After exploring adolescent sexuality, familial problems and the confusions of bourgeois society in the enchanting Peppermint Soda, French director Diane Kurys has turned her attention the special angst of older youth in Cocktail Molotov.

Anne (Elise Caron) is an eighteen-year-old suburban high school student. She is in love with Frederic (Philippe Lebas), who comes from a working class family. After an argument with her mother, she convinces him and his best friend, Bruno (Francois Cluzet), to drive to Venice. Her goal is to stat a new life with Frederic on a kibbutz in Israel. But he's not sure of much, except that he loves Anne.

The threesome bum around Venice, sleeping outside and enjoying the sights. Eventually they spend a night with Anne-Maria (Stefania Cassini) who fancies herself a left-wing militant. She tells them they are missing out on the big event in Paris — the students are in revolt against the Establishment. The trio decide to return to France.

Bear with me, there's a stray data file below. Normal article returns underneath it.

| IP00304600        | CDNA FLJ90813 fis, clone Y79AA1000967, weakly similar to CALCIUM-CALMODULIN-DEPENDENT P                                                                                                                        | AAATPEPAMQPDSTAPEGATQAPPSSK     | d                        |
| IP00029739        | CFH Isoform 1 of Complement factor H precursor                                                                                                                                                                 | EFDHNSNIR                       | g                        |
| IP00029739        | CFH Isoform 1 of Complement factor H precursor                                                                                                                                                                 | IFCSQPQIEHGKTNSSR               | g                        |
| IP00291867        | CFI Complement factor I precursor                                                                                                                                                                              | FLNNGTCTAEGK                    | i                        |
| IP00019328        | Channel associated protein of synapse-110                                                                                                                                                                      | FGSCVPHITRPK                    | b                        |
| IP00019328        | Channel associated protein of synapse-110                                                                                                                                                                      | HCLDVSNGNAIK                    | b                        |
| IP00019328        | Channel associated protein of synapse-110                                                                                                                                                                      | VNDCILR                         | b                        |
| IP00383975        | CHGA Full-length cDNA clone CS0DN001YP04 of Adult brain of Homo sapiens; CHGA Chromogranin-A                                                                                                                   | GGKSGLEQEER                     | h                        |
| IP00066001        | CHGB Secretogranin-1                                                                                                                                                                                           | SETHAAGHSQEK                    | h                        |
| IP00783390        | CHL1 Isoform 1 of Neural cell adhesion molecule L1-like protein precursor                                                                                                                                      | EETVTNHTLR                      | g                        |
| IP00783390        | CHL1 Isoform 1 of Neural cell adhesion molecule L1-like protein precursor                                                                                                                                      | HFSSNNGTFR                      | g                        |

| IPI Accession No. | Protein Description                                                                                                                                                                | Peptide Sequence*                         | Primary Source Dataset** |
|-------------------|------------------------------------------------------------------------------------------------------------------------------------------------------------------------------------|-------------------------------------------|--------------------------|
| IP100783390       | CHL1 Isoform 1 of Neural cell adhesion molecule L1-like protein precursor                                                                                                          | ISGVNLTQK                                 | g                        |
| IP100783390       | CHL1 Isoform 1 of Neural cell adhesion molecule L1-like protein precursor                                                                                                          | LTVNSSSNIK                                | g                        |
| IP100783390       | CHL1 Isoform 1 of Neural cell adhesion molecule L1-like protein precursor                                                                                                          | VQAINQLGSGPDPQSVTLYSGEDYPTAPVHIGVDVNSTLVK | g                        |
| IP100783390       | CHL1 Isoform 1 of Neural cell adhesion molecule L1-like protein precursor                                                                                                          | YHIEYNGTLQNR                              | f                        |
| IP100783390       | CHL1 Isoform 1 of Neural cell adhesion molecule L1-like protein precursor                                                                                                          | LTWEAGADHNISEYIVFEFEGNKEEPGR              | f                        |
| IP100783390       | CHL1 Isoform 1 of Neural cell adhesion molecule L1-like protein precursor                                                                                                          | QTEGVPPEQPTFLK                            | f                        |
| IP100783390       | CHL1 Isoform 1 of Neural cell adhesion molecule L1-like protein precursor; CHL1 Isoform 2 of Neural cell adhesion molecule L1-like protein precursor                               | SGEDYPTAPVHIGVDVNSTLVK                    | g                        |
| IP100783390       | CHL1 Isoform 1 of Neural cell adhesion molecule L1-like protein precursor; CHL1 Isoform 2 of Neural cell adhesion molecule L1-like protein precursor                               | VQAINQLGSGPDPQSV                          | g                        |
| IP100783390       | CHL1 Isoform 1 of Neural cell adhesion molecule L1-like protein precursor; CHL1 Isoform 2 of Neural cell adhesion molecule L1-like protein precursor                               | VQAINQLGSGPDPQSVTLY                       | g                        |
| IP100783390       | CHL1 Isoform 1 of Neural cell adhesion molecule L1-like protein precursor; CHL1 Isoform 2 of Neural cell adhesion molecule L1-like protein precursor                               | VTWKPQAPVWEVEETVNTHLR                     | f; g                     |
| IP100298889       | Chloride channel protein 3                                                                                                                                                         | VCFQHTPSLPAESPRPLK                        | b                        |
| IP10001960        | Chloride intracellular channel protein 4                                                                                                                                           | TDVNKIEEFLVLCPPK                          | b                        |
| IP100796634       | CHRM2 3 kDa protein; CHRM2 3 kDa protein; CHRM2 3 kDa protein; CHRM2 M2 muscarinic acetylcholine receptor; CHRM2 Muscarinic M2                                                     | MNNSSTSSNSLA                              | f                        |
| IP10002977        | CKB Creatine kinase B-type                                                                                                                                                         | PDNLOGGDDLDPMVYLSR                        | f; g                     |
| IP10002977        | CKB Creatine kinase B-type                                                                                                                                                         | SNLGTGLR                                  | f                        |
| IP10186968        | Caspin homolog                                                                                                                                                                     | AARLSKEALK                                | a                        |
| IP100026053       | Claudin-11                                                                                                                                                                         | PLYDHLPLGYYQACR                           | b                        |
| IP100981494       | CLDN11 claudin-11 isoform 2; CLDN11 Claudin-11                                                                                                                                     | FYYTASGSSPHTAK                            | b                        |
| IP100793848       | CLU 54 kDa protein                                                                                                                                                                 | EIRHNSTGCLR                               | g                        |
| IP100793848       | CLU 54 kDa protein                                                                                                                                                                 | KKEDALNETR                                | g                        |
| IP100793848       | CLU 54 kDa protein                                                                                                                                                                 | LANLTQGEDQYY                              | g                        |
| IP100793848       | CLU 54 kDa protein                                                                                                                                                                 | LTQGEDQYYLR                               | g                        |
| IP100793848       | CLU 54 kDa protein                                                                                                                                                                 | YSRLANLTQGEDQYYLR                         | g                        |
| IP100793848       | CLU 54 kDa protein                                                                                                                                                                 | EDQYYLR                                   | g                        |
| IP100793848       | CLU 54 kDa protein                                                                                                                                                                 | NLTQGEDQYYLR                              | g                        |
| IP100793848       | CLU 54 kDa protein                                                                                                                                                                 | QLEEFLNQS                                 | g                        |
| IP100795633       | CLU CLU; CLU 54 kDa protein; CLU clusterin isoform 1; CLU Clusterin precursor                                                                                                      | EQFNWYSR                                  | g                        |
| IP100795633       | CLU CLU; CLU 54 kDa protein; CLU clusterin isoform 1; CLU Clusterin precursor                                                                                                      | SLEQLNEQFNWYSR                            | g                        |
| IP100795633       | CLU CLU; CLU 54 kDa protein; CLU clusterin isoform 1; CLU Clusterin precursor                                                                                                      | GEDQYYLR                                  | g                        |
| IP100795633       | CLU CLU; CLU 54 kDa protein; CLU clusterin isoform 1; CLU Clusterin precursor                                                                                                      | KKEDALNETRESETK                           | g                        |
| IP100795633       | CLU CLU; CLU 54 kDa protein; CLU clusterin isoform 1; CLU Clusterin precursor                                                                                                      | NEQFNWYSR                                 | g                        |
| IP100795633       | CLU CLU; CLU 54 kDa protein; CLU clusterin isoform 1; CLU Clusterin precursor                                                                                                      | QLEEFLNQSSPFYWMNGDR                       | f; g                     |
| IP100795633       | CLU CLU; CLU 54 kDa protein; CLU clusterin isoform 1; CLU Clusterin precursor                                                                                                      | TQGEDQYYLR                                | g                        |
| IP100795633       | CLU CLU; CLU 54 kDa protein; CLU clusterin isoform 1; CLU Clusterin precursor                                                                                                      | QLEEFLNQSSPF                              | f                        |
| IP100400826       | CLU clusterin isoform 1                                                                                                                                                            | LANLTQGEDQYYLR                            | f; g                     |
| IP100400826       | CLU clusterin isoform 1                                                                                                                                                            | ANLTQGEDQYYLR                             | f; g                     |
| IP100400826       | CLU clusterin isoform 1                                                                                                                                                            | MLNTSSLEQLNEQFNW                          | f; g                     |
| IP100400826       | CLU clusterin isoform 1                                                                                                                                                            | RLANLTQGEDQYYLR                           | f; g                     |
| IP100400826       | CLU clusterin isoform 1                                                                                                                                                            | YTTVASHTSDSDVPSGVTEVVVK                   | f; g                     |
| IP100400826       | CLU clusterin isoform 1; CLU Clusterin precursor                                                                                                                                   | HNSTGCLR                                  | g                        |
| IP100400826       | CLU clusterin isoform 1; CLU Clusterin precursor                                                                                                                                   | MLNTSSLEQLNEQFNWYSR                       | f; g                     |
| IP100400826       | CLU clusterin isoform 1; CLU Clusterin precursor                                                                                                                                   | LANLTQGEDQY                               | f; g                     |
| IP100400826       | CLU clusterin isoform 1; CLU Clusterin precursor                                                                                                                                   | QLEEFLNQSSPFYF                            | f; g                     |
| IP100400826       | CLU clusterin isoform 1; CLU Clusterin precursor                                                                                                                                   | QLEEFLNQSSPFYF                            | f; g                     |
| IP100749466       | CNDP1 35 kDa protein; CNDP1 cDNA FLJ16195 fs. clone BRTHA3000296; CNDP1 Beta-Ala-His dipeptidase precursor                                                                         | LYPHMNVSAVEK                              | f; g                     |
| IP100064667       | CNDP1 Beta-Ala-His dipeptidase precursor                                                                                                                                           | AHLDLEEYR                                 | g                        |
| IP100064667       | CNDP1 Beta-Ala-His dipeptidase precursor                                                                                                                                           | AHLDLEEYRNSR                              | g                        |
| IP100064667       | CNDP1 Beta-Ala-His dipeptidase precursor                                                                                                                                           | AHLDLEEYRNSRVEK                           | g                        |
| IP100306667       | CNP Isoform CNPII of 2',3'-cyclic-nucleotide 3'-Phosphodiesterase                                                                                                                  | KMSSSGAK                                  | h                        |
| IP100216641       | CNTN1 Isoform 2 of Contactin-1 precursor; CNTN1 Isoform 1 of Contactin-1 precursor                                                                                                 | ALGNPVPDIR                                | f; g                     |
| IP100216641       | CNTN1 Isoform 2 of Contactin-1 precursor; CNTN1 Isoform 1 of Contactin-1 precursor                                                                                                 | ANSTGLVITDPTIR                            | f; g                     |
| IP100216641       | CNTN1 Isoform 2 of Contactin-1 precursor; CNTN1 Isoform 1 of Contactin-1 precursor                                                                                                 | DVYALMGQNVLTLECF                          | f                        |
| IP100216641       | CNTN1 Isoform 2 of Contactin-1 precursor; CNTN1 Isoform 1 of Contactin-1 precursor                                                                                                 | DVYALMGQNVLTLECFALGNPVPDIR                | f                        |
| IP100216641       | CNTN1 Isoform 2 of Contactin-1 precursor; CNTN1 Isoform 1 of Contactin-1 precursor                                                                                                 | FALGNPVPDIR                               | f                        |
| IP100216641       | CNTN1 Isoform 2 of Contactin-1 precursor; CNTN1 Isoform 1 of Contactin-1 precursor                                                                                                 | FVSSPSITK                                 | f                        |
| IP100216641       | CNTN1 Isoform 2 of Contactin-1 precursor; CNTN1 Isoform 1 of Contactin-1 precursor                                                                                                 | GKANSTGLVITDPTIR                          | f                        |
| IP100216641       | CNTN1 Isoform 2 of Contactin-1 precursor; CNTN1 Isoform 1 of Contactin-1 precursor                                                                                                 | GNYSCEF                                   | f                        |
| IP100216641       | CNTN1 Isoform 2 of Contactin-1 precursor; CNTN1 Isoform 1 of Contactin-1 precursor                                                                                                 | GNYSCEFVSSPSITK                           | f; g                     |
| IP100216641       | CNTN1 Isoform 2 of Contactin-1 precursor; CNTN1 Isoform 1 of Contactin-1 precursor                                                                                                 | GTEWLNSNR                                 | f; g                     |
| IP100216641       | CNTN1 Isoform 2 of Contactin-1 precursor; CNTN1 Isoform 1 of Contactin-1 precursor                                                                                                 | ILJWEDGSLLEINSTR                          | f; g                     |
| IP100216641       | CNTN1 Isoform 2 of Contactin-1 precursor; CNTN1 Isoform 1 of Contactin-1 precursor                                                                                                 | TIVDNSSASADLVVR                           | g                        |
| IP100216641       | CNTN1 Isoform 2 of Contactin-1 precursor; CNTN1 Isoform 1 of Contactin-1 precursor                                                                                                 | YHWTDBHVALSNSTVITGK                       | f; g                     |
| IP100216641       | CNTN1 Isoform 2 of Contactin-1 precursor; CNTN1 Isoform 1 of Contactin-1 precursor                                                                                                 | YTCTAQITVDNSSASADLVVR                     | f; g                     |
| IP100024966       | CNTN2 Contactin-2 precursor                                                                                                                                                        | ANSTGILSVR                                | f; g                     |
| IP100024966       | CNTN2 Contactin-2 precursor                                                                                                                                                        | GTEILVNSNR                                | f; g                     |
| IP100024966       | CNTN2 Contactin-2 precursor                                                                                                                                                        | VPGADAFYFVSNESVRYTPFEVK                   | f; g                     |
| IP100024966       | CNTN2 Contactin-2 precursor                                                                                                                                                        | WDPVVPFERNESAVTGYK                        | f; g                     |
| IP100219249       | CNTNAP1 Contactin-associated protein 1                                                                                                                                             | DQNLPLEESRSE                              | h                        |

Cocktail Molotov is a cleverly constructed film in which Diane Kurys is able to explore the generation gap, the sexual revolution and the malaise of youth without dealing head-on with the May '68 strikes and riots. As these three displaced individuals float through their experiences on the road, they learn more about the limits of their dreams and face up to the responsibilities which they must shoulder in the name of friendship and love.

Elise Caron is touching as Anne, Philippe Lebas is moody as Frederic, and Francios Cluzet comes off as a funny Dustin Hoffman look-and-sound-alike.